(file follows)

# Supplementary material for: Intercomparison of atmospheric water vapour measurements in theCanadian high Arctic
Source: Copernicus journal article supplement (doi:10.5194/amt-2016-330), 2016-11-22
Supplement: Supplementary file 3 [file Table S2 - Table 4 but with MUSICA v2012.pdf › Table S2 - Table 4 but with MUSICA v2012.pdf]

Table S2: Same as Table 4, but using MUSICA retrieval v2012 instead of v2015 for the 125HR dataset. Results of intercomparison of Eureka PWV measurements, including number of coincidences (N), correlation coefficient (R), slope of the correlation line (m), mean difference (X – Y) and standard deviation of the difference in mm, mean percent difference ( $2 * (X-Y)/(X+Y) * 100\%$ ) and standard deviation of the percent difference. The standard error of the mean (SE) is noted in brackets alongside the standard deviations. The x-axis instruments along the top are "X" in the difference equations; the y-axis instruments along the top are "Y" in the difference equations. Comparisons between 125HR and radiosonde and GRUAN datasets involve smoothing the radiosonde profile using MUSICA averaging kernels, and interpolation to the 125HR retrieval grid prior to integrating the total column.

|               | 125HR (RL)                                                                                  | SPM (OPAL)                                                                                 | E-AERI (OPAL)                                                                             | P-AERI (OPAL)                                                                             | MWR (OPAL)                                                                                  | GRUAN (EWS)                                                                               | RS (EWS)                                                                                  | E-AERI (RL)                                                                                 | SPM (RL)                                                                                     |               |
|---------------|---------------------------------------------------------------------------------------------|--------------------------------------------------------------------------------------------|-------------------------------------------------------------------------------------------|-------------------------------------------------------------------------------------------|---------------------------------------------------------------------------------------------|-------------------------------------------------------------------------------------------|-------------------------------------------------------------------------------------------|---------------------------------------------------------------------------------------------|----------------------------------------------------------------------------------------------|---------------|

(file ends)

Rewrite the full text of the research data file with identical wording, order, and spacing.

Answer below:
# Supplementary material for: Intercomparison of atmospheric water vapour measurements in theCanadian high Arctic
Source: Copernicus journal article supplement (doi:10.5194/amt-2016-330), 2016-11-22
Supplement: Supplementary file 3 [file Table S2 - Table 4 but with MUSICA v2012.pdf › Table S2 - Table 4 but with MUSICA v2012.pdf]

Table S2: Same as Table 4, but using MUSICA retrieval v2012 instead of v2015 for the 125HR dataset. Results of intercomparison of Eureka PWV measurements, including number of coincidences (N), correlation coefficient (R), slope of the correlation line (m), mean difference (X – Y) and standard deviation of the difference in mm, mean percent difference ( $2 * (X-Y)/(X+Y) * 100\%$ ) and standard deviation of the percent difference. The standard error of the mean (SE) is noted in brackets alongside the standard deviations. The x-axis instruments along the top are "X" in the difference equations; the y-axis instruments along the top are "Y" in the difference equations. Comparisons between 125HR and radiosonde and GRUAN datasets involve smoothing the radiosonde profile using MUSICA averaging kernels, and interpolation to the 125HR retrieval grid prior to integrating the total column.

|               | 125HR (RL)                                                                                  | SPM (OPAL)                                                                                 | E-AERI (OPAL)                                                                             | P-AERI (OPAL)                                                                             | MWR (OPAL)                                                                                  | GRUAN (EWS)                                                                               | RS (EWS)                                                                                  | E-AERI (RL)                                                                                 | SPM (RL)                                                                                     |               |
|---------------|---------------------------------------------------------------------------------------------|--------------------------------------------------------------------------------------------|-------------------------------------------------------------------------------------------|-------------------------------------------------------------------------------------------|---------------------------------------------------------------------------------------------|-------------------------------------------------------------------------------------------|-------------------------------------------------------------------------------------------|---------------------------------------------------------------------------------------------|----------------------------------------------------------------------------------------------|---------------|